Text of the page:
But inherently, the monument was nothing. Because faith associated the monument with the memory, the memory could be sanctified. Therefore, God has honored certain methods of worship or reverence that in themselves are a handicap; nevertheless, the person receives a blessing. In the Diaspora, the Israelites were denuded of all these things.
Deeds may be inappropriate, but the spirit behind them can be appreciated. The same is true of a baby, both literally and spiritually. God expects less from an infant—He makes allowances.
Comment: Naaman the leper took soil from Israel back to Syria to kneel on when he prayed. Because he was concerned about having to enter the heathen temple, as required by his master, God made an arrangement to get around his problem with conscience.
Reply: That is a good example. God winked the eye for Naaman’s sake. The spirit behind the act is important.
Verse 4 is saying that Israel would be without its own previous Temple sacrifices and worship, as well as the religious practices of other nations. The Israelites were deprived not only of the ephod, which was legitimate and authentic and of God, but also of teraphim and images. The Jews have been estranged from both God and other religions. Money has been their “god.”
The Jews have lost contact with their own religion, for their emphasis is on the Talmud or a mixed religion containing a lot of man’s precepts. The original Torah is used only as a holy relic.
Instead of the Torah being read and studied by the people, only a privileged few know much about it. Back in the type, the Torah was to be read completely every seven years. Everyone was to hear it. And in the meantime, the families were to instruct one another in the Torah.
Hosea 3:5 Afterward shall the children of Israel return, and seek the LORD their God, and David their king; and shall fear the LORD and his goodness in the latter days.
The children of Israel “return” in two senses. First, they return to their land, and subsequently they return to God. They were cast off for a period of time; then they returned to the land. In time, God will work in them a spirit of contrition and eventually anoint them with the eye salve of deliverance.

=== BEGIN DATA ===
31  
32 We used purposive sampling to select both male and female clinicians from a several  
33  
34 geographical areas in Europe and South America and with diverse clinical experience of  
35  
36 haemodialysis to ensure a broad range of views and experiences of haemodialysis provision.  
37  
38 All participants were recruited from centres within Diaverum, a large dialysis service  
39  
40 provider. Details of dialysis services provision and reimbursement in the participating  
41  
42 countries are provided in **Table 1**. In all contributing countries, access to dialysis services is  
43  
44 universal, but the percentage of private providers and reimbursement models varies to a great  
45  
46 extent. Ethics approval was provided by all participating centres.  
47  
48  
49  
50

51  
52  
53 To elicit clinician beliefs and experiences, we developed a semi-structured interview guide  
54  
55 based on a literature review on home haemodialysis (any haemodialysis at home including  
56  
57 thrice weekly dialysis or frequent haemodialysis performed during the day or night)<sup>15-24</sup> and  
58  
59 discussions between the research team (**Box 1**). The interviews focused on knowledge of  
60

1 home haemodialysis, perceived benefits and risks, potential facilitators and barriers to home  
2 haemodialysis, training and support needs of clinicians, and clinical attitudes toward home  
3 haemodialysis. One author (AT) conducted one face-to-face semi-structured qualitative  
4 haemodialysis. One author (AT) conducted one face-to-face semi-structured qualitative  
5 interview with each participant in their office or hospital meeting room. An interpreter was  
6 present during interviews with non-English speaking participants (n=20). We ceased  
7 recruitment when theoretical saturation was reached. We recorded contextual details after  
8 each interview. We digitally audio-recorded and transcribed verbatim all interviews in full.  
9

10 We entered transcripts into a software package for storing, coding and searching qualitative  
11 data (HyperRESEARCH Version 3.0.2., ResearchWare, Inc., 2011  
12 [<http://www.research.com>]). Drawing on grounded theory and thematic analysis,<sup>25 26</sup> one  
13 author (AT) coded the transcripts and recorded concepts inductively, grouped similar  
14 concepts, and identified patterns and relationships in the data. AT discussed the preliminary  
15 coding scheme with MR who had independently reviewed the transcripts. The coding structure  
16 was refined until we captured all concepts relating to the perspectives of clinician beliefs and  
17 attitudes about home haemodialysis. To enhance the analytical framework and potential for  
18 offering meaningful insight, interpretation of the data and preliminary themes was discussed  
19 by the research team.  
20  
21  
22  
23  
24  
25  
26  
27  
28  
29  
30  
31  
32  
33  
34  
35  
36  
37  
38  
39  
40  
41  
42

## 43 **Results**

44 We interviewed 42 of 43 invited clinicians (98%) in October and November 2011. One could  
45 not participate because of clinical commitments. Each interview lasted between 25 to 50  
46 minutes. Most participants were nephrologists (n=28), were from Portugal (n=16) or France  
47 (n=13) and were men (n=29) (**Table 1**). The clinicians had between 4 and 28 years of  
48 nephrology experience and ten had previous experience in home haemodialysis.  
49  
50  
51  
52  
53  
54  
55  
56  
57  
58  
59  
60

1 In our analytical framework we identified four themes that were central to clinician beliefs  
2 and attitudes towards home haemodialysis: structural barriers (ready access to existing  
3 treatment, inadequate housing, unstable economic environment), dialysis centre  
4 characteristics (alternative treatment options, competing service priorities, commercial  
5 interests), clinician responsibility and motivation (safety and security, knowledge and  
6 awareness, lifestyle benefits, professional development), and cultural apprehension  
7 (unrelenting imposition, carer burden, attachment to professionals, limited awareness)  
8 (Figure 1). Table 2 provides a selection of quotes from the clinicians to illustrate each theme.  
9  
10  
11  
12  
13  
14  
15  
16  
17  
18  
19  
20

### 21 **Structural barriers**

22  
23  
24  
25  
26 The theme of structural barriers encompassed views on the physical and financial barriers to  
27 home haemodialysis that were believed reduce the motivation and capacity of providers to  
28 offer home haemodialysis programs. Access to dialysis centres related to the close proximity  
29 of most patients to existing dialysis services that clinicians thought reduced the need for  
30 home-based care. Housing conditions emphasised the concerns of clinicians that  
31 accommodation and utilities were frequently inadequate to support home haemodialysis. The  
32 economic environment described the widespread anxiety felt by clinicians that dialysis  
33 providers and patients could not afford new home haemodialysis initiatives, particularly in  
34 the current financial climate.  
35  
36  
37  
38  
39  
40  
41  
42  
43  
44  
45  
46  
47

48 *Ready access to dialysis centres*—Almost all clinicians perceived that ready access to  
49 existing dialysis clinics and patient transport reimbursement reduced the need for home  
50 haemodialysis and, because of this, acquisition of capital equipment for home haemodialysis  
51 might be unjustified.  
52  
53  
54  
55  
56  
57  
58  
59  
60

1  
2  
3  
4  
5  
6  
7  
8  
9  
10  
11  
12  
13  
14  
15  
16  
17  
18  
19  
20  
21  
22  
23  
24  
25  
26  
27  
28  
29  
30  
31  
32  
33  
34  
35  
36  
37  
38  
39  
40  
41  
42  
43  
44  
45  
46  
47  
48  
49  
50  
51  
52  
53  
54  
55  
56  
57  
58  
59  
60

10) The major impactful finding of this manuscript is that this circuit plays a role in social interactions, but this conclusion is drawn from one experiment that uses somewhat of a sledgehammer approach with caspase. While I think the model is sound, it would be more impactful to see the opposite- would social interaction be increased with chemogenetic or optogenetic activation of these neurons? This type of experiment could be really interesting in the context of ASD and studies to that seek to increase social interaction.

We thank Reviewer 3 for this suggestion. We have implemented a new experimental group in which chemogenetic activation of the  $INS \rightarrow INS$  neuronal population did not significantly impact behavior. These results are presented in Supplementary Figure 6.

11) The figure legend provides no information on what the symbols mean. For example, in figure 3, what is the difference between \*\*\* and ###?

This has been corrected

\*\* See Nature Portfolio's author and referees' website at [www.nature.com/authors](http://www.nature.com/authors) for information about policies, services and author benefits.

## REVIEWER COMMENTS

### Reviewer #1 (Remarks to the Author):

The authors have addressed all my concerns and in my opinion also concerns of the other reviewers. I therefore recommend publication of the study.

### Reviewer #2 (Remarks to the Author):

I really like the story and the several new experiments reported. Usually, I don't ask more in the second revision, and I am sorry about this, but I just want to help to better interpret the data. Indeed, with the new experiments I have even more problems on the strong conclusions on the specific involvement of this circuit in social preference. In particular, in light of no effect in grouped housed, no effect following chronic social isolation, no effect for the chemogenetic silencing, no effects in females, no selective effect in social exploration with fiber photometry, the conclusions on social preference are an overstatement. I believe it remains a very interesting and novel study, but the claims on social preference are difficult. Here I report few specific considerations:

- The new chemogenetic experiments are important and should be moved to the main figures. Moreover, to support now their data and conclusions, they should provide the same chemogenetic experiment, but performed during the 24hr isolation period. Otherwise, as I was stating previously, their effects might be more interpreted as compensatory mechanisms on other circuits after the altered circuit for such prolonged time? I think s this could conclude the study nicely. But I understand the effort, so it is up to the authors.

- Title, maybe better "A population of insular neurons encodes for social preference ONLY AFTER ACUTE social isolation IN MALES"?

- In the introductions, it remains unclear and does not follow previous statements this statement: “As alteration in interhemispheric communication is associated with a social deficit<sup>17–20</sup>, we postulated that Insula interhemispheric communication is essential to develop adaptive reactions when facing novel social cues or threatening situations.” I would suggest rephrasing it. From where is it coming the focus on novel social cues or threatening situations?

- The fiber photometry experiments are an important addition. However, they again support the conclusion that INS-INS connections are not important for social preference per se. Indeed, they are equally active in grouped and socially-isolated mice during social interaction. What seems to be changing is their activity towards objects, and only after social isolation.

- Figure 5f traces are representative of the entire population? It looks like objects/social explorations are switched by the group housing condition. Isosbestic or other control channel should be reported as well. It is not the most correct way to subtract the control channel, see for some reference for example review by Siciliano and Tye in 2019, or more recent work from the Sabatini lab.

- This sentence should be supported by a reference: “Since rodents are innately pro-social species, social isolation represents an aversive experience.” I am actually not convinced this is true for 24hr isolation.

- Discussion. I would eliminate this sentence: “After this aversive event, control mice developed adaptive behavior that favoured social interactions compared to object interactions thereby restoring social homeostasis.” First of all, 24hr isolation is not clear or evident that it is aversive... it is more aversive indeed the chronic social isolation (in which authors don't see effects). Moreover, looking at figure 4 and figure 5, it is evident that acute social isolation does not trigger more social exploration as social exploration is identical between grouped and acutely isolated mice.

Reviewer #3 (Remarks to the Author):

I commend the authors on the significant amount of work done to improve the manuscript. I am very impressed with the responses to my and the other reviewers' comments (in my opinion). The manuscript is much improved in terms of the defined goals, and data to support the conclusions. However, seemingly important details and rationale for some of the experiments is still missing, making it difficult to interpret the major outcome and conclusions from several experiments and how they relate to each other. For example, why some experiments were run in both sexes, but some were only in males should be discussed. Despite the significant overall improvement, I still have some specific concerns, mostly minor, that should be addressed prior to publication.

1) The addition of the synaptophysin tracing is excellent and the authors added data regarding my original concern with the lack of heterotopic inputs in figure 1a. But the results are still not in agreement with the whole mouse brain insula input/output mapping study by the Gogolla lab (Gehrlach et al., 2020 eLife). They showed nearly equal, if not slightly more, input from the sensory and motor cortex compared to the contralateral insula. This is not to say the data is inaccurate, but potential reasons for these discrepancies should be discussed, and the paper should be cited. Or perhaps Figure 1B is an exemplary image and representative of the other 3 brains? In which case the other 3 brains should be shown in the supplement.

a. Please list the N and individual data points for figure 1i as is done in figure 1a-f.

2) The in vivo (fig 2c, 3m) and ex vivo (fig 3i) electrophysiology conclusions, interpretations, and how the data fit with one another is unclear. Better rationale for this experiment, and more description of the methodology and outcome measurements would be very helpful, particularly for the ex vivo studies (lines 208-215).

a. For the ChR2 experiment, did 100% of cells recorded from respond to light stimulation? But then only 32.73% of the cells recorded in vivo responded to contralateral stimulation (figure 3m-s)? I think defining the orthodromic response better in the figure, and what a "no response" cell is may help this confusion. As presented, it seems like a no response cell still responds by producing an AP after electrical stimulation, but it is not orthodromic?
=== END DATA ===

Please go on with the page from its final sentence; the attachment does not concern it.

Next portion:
Comment: The NIV translation is nice at the end: “Afterward the Israelites [the Holy Remnant] will return and seek the LORD their God and David their king. They will come trembling to the LORD and to his blessings in the last days.”
Reply: Sensing they have been handpicked for survival, the Holy Remnant will feel personally unworthy. That attitude will bring them to the next step—after being brought to God, they will be brought to Jesus. They will recognize Jesus when they see a vision of the Crucifixion while fleeing through the split Mount of Olives. They will be overwhelmed to realize that, as a people, they crucified Messiah. Being brought to God and then to Jesus will happen one right after the other, like cause and effect. Their feeling of escaping extermination under miraculous circumstances and then seeing the vision of Jesus will bring instantaneous conversion.
An element in Jewry today is wondering whether Jesus is the Messiah. Although more will be needed to convince them, they are afraid to oppose the thought in case it turns out to be true.
Comment: They have a “Nicodemus-like” attitude.
Reply: Yes, they walk on the fence, which is the course of wisdom.
“David their king” is Messiah, the Beloved. (The name David means “beloved.”) The coupling of returning and seeking (1) Jehovah and (2) David, their king, suggests an instantaneous revelation, which will cause the Holy Remnant to smite their breasts in remorse. Incidentally, verse 5 is another hint, among many, that David may be the first presiding Ancient Worthy installed in office in Jerusalem, that is, the first Prince. David was a type of Messiah.
Q: Isn’t Moses held in higher esteem than David?
A: Yes, but the promises were made to David—the “sure mercies of David” (Isa. 55:3). As an individual, Moses was probably more noble, however.
The Ancient Worthies have made their calling and election sure based on faith and obedience, but they will come forth from the grave with traits that need to be refined, changed, and educated. Hence they will be under the New Covenant until the end of the Kingdom. Since they did not have the New Testament, they will have to learn certain principles that are taught in the Gospels and not in the Old Testament.
“The children of Israel … shall fear the LORD and his goodness in the latter days.” As an illustration, Joseph calmed the fears of his brothers when he disclosed his identity—and they had betrayed him. Joseph had a principled love.
(1969 and 1993 Studies)